Primary Health Care (PHC): Back to the Future?

PHC: Now more than ever. That is how WHO labels its 2008 report. Should we rejoice? Are we turning the page of the nineties, the decennium horribile during which only vertical thinking was authorized? Are we allowed to go horizontal again? For all of us who dedicated our professional lives to PHC during the seventies and the eighties, the temptation is great to rejoice and relax.

PHC however was conceptually flawed then, and it is still flawed now for one main reason: it confuses health care with health. Remember “Health for All by the year 2000”? It really meant health care for all, and the world missed the mark on either goal. Unfortunately the 2008 report maintains the confusion, as it uses health system to mean health care system. The distinction is not trivial. When WHO recommends a greater focus on equitable access to quality of care that people can afford, we all applaud! When it recommends new modes of popular participation in the management of health care, all praise to WHO! But please, let us not deceive ourselves any further. Those improvements in the health care system will only produce marginal changes in people’s health.

While health care providers play a central role in health care, people play a central role in health. No amount of “focusing on people” or “people participation” will substitute for people taking charge of their own issues and acting by themselves. Take the AIDS pandemic: does anyone believe that the proposed reforms of the health care system will resolve the issue? In all settings that are making progress on AIDS, people say the same thing: we have made progress because we have acknowledged the issue and responded by ourselves. We are the central actors. We do mobilize support from health services, but we play the central role. What is true for AIDS holds for most health problems: the key for long term health improvements lies in sustained behavior change.

The world needs a common, integrative understanding of health dynamics and systems where individuals, families and communities are the central actors of their own health. Local communities can and do initiate health action. They can transfer their experience and optimism to friends, family and other communities. Transfer from community to community is a key element of large scale change. The function of health care systems is to deliver health care. They can only be seen as one element, or as a subsystem among the many that contribute to health.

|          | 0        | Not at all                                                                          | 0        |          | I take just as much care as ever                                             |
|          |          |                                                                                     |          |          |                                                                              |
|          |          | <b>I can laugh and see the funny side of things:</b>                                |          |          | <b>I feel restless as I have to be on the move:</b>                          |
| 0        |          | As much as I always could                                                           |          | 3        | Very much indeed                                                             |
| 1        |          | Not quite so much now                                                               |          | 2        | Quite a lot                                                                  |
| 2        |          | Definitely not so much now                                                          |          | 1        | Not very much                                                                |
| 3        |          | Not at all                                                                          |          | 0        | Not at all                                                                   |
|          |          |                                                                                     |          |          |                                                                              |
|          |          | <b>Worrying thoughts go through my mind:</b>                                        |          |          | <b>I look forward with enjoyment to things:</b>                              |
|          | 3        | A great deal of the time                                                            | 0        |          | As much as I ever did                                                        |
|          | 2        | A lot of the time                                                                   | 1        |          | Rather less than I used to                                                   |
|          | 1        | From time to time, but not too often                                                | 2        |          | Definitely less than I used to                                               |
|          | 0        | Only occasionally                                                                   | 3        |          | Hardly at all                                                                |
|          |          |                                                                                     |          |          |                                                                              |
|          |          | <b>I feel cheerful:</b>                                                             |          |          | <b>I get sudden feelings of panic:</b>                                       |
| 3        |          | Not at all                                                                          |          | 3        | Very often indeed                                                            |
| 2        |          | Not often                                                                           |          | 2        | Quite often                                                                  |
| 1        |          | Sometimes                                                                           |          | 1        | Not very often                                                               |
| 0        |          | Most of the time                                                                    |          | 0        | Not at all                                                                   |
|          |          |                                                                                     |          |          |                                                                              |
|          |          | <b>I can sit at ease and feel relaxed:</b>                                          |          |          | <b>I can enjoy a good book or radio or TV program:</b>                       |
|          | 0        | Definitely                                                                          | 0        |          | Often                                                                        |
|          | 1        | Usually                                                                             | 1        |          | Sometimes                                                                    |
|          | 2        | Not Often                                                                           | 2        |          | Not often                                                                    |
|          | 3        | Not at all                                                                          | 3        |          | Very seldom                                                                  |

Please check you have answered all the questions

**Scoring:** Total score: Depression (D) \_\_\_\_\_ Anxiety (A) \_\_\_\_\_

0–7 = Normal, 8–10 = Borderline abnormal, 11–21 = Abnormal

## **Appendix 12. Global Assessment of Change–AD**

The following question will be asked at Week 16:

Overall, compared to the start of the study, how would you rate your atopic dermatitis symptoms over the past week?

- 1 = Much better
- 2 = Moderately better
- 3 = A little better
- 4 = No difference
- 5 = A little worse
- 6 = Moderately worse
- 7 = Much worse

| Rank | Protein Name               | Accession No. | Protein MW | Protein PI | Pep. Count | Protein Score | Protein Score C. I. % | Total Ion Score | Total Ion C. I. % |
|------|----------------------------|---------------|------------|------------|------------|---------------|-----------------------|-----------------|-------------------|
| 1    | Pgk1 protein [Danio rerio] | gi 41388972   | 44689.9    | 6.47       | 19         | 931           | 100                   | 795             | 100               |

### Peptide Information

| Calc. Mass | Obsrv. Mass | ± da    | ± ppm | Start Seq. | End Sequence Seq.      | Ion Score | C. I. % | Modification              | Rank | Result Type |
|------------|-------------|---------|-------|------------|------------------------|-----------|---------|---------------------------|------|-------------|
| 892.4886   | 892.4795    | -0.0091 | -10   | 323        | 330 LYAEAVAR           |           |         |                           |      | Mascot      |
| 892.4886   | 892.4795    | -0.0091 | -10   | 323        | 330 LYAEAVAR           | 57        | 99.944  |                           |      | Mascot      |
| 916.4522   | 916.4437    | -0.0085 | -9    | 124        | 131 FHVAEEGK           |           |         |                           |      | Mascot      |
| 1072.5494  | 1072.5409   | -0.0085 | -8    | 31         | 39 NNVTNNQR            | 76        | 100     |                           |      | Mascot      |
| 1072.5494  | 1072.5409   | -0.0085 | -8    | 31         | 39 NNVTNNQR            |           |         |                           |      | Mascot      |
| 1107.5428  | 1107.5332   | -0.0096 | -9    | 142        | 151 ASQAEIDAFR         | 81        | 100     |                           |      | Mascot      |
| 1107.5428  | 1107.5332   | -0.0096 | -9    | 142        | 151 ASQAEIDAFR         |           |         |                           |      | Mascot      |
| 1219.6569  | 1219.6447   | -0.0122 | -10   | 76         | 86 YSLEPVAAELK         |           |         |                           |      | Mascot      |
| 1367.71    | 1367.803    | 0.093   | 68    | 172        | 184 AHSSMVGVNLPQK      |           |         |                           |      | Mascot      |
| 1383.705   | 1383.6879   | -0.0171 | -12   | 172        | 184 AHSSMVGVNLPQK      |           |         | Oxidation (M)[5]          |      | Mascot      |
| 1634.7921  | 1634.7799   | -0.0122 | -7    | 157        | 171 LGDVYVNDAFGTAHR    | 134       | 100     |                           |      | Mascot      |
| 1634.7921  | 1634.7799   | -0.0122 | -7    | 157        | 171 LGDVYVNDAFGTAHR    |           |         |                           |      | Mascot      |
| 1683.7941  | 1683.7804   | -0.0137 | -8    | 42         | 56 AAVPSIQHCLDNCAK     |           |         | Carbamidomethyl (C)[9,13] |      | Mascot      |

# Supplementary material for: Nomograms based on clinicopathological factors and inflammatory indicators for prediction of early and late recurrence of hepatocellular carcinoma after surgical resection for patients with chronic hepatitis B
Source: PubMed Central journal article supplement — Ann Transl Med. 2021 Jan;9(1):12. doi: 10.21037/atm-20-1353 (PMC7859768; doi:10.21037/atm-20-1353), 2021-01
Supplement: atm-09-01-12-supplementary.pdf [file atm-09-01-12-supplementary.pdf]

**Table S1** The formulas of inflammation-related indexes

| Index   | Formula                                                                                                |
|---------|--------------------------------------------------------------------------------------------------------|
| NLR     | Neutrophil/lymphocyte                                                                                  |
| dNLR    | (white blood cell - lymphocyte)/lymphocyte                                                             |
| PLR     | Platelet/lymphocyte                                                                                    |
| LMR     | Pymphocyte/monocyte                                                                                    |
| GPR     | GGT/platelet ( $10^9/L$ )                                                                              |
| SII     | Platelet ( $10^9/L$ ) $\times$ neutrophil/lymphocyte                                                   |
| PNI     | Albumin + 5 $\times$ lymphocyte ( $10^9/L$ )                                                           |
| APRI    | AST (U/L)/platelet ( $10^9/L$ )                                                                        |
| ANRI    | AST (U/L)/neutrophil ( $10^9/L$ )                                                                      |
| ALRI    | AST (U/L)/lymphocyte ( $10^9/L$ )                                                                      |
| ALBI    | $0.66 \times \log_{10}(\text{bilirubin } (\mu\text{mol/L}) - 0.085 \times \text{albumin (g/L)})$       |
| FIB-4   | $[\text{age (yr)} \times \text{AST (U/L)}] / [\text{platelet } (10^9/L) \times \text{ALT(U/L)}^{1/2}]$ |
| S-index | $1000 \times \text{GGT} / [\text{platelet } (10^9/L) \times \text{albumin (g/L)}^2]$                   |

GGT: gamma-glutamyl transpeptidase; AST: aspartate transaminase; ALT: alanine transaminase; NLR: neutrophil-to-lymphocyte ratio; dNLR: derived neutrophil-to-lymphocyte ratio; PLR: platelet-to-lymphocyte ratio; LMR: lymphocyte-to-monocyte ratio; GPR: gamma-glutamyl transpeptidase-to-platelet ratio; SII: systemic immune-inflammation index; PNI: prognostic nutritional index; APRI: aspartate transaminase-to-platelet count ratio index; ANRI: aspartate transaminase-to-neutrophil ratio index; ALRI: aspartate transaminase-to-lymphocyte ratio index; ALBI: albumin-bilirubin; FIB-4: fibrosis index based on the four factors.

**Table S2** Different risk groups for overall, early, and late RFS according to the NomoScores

WHO should recognize unequivocally that people and not health care providers play the key role in health. Health care providers need to adapt to people’s lives and aspirations, not the reverse.

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Comment by Renault Yves on March 31, 2009 at 12:24pm
It's an endless fight. As former WHO representative I was very disappointed to see the way WHO let down the Health For All programme, and I can remember several WR-meetings were I and many colleagues demonstrated strongly. The cause of the multiple adaptations in WHO is the way we are dealing with the objectives of the programmes. Putting some irrealistic targets (HFH,AIDS,....) we are turning back when we are not achieving it. For many "donors" and in first line "countries" it is easier to have more vertical,specific programs that are with "one" problem to solve and then with clearer indicators and target that the "well being" of populations-communities. Anyway I am sure that we should put the "competence" of the community first and we can start with something the community feel important and so so or later tha community will realise that the process can be use for many other thing. Constellation start dealing with AIDS, extend to malaria (on request) and can see the process apply for finding a peace prces in conflict situation, where are we going?
For WHO it easear if the Head Quarter go back to a more horizontal design, but the crucial level is to have the country team putting the communities first for ant kind of prormme, and also improving that policy with all the partners at country level. We could see partners and donors as a community and they could adquire some competence also....know with who (WHO & others) you have to work with
Comment by Rituu B. Nanda on March 30, 2009 at 10:33pm
Dear Jean-Louis,

Delighted to see you back in full form.

Engagement of communities is central to sustainable health care solutions. We have a range of studies which capture the qualitative impact of community response to HIV. However, I have not come across many quantitative studies on this subject. Rebeka and I have had a long discussion on the issue. We would like know to about the quantitative studies done to measure the impact of ACP.

Thanks and regards,



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